Largactyl Shuffle@Science Museum LATES – January Review

On Wednesday 29 January 2014, CoolTan Arts volunteers presented the final tour of the Largactyl Shuffle @ Science Museum LATES, guiding walkers around Mind Maps: Stories from Psychology, a recently opened Science Museum exhibition on the mind and nerves.
**Please save the date for Monday 28th April for the project book/DVD launch at The Science Museum’s Dana Centre.**
Photos by project volunteer Bogdan Stăiculescu:
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A Largactyl Lyrical Review by Andrew Ogleby:
Roll-up, Roll-up and Don’t be Late!
For the Last of the LATES experience
Presented for your Pleasure,
By the Fabulous Museum Team and CoolTan Crew
Whose iconic Orange hi-viz vests,
Will help guide you through
Treatment or Experiment? A Virtual Reality
The Show enhancing Mental Well-being,
By the Power of Creativity
So Prepare to be Shocked and Amazed at the use of E.C.T
Gasp in Awe at the Wonders of Alternative Therapy
Listen in Horror and Captivation of the Origin,
For the Prometheus inspired Frankenstein, by M. Shelley
See through the holes of a D.S.M
Before taking Time to Explore,
The remaining realms of Fact and Fantasy
Roll-up, Roll-up and Don’t be Late!
Before the Sun Sets, on the Last CoolTan-LATES
The last of the Largactyl Shuffle/LATES events coincided with the opening of the new, and incredibly thought provoking Mind Maps Exhibition at the Science Museum. The evening itself was deemed a tremendous success and there was a large, and seemingly enthralled turnout to witness it, including a visit from the actual curator himself. The presentations covered various subjects exploring the theme of Treatments or Experiments? (see above). And there was a poignant reading of a former CoolTan Arts representative’s account of having experiencing ECT, whose picture is also included in the exhibition. The willing audience, through various activities, were then invited to take part in exploring these themes for themselves.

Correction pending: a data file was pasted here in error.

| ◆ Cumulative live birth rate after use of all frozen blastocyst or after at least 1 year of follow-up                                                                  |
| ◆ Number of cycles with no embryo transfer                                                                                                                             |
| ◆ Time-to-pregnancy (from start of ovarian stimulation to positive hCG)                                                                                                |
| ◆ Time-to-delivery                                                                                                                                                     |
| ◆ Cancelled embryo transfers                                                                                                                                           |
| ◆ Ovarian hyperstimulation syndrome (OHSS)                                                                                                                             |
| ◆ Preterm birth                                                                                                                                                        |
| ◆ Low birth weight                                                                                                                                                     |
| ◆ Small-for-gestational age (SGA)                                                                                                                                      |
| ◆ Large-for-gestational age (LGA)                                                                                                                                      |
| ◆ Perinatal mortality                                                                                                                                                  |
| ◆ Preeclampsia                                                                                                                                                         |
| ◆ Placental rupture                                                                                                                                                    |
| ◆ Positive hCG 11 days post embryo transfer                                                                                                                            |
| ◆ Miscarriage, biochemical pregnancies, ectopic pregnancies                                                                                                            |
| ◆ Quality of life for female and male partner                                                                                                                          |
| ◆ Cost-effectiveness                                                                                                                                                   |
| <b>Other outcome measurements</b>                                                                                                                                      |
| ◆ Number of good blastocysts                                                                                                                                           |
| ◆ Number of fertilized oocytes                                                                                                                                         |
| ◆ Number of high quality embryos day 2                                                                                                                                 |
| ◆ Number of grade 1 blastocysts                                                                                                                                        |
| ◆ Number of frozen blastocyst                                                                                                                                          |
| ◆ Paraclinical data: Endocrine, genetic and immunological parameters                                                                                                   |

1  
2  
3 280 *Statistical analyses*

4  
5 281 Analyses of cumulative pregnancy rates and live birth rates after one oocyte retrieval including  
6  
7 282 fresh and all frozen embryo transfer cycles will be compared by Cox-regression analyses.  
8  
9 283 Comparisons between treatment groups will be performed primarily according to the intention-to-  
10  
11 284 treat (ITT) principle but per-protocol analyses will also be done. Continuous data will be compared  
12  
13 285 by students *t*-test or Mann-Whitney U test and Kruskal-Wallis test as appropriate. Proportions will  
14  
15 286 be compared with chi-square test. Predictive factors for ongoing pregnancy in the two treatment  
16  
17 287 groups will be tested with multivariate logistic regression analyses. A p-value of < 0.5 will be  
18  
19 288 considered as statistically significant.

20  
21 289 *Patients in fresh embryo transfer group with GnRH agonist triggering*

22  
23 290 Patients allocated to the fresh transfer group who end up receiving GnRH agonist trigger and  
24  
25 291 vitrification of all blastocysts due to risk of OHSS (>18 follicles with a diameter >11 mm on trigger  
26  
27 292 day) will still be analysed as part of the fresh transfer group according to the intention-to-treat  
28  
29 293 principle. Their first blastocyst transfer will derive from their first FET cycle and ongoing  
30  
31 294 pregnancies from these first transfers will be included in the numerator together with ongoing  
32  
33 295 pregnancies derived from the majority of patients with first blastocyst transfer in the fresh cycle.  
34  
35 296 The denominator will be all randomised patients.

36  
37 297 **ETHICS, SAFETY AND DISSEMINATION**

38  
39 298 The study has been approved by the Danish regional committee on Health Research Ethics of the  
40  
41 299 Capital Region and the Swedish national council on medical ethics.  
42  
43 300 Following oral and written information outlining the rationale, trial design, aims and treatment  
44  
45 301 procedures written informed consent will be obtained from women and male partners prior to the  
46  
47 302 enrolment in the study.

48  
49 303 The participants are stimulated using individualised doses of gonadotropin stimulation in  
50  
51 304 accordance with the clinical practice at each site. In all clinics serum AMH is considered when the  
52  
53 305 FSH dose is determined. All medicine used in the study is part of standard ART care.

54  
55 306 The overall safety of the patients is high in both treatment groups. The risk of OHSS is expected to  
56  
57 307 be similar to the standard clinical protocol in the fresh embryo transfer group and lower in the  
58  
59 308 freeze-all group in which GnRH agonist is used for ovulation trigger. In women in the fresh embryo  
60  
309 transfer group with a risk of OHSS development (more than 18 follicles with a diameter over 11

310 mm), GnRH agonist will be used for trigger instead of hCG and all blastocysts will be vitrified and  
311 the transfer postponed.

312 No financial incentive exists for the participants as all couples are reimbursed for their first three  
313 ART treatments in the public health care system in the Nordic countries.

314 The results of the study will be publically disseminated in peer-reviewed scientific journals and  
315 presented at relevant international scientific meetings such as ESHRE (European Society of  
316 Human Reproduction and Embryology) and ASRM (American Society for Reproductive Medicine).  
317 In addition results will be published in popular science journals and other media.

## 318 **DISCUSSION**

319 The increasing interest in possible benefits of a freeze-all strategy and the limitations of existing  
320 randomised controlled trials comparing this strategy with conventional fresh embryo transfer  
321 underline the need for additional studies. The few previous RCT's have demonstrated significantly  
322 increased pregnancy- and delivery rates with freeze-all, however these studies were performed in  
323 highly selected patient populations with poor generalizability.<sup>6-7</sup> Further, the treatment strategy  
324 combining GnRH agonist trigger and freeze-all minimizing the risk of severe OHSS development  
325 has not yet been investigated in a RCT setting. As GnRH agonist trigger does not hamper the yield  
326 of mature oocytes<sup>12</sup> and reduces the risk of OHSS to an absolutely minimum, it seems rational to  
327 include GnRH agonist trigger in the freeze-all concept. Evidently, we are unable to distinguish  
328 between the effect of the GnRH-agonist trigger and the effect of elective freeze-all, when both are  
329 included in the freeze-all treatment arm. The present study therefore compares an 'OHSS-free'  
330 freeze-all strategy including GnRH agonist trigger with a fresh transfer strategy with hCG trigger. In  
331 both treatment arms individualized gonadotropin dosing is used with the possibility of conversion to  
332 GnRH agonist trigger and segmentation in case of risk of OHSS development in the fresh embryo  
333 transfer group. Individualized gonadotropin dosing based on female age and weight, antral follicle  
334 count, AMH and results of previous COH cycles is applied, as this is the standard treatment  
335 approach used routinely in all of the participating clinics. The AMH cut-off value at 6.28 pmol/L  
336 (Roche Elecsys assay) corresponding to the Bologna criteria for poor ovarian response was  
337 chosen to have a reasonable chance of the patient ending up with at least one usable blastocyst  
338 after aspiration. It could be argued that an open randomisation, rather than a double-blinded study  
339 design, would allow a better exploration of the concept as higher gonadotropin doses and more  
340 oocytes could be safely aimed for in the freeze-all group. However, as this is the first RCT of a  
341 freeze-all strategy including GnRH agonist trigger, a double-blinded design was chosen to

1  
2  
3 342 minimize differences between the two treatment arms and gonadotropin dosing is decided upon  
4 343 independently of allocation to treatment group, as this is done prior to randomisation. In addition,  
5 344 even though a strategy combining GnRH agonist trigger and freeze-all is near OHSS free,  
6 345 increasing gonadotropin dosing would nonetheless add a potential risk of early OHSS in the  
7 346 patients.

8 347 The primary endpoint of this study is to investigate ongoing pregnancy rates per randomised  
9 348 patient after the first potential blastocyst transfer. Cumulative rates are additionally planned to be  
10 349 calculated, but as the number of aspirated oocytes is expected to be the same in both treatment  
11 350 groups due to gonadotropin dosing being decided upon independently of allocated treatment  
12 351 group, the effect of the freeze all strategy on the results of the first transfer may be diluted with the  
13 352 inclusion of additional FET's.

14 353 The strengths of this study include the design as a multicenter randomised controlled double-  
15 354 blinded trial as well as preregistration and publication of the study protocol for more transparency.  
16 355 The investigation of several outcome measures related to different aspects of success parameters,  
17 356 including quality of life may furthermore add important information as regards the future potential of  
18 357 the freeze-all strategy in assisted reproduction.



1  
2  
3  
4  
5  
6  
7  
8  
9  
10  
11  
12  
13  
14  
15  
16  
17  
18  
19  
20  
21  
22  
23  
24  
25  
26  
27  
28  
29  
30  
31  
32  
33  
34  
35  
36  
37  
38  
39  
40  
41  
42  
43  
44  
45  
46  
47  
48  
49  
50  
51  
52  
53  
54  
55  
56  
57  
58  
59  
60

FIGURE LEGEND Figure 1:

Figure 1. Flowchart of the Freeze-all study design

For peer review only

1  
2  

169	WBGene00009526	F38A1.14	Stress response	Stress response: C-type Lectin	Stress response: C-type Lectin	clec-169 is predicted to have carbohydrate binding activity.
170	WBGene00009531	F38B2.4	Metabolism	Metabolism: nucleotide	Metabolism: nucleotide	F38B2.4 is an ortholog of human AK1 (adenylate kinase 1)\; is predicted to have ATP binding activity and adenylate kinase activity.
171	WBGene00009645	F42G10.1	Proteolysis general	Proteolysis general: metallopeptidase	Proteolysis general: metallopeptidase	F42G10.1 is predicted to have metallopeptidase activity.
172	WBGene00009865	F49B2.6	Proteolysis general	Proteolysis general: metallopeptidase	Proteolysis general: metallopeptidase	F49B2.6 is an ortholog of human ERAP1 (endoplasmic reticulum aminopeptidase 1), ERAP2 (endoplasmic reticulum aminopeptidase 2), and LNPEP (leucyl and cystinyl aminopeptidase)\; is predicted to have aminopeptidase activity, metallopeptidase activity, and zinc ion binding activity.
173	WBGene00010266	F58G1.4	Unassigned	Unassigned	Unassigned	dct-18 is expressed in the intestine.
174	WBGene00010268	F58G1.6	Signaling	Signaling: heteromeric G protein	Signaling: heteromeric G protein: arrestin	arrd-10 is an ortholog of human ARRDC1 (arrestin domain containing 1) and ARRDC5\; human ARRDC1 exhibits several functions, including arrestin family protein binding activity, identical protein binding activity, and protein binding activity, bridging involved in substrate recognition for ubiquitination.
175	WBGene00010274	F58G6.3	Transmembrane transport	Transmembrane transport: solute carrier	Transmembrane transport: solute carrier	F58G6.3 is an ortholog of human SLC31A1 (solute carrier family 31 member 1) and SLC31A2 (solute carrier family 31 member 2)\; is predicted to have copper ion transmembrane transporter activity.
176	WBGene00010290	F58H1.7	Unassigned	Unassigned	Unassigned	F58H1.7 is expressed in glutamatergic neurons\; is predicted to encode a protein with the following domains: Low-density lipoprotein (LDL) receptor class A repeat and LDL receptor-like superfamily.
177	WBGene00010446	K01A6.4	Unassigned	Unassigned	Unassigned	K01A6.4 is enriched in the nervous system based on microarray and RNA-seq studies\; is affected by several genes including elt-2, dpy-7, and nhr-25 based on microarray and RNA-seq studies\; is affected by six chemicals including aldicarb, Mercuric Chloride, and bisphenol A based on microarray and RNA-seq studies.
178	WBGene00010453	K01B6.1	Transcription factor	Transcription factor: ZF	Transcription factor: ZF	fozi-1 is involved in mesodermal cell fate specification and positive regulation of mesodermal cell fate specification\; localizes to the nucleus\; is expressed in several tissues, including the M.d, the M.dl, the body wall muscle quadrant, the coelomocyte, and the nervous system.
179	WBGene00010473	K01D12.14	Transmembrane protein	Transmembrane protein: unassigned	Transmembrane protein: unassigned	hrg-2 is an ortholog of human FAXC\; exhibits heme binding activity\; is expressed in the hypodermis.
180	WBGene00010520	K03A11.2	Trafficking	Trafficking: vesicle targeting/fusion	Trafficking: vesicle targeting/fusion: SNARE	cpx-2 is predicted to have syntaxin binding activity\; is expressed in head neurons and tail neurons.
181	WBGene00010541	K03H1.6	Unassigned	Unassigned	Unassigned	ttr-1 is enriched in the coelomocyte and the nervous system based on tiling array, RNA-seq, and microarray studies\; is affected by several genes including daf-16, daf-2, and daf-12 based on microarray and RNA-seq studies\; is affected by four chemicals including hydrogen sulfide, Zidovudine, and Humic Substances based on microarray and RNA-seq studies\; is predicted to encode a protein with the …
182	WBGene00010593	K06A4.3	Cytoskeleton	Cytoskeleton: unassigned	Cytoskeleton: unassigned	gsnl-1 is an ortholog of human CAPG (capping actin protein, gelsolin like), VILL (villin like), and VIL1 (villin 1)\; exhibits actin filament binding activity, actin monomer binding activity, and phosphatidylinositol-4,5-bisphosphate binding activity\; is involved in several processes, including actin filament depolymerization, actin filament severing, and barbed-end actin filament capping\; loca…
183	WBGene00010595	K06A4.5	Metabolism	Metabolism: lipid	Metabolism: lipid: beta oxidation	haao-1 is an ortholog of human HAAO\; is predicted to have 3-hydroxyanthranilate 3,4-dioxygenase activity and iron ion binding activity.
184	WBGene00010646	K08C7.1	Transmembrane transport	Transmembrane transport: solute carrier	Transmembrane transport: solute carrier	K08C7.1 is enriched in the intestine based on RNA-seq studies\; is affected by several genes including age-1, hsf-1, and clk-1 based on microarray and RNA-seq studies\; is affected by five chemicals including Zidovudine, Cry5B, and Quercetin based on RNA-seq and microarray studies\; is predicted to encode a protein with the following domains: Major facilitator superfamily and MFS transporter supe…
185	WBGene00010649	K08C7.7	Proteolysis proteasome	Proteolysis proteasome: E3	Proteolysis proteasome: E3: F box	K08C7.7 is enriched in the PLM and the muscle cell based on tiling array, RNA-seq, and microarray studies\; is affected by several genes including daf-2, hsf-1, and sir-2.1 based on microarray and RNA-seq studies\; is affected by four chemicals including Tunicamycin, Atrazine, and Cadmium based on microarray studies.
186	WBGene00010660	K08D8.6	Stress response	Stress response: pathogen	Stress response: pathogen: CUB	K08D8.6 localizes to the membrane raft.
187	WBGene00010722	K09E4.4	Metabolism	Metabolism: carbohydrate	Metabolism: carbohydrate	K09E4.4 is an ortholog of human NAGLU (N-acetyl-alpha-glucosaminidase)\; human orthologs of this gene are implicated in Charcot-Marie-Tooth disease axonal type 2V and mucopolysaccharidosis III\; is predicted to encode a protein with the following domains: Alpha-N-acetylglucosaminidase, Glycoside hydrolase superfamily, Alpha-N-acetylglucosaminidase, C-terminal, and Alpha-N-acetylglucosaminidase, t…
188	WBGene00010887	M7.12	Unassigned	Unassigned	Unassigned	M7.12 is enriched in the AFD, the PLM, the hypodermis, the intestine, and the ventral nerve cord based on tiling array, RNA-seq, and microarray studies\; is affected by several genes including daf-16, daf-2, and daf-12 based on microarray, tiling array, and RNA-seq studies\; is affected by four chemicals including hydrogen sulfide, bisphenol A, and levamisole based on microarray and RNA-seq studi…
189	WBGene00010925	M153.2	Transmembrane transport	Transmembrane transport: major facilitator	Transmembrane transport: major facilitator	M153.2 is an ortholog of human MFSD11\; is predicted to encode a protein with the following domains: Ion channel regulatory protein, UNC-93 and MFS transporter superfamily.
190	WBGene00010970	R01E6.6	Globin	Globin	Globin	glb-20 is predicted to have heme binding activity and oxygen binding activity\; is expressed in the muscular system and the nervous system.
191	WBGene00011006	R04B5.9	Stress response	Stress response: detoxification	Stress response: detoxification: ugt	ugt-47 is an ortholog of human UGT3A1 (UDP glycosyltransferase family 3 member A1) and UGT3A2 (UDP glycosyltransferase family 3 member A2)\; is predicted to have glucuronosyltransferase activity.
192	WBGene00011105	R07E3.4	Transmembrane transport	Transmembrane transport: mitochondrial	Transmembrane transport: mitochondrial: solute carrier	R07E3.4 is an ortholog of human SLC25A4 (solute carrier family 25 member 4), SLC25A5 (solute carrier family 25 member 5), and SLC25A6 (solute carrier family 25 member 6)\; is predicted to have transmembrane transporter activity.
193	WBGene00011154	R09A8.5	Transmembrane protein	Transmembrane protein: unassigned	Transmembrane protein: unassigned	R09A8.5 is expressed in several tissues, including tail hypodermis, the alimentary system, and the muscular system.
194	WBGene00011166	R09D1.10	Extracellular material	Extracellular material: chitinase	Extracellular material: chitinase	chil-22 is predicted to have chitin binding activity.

Even though this was the last of CoolTan Arts’ 5 fantastic Largactyl Shuffle/LATES events at the Science Museum, the journey is not quite over yet. As a publication (including interactive game) with DVD telling the story of this wonderful journey and recognising all those who have taken part, will be launched in the Spring of 2014. The publication itself will be dedicated to the memory of Jean Cozens, whose initial idea it was to produce such a work.
So here’s looking forward to Spring. Watch this Space for Further News!
Review of Lates event at the Science Museum called Treatment or Experiments by project volunteer Peter Leonard Cox:
I was quite sad that this event was the last in a series of six LATES events at the Science Museum involving CoolTan Arts ( April 25 2012, July 31 2013, Aug 28 2013, Sep 25 2013, Nov 27 2013, Jan 29 2014 ) in all of which I had taken part, having visited the Science Museum’s Archives in Olympia on August 13 2013 , seen an exhibition depicting restrictive clothing at the Institute of Psychiatry, become familiar with floors in the Science Museum dedicated to medicine, dentistry, public health, psychology and psychiatry, learned about intelligence testing, Eysenck, the uses of electricity, awful dentistry 150-200 years ago, how London overcame cholera epidemics, what pharmacies looked like in 1900, where the word robot came from, the massive Pegasus computer of 1956, Ernie, what cookers and Hoovers looked like 40, 50 or 80 years ago, and each time had the opportunity to prepare brief talks and improve my public speaking. Hopefully there will be further “Lates” events before too long.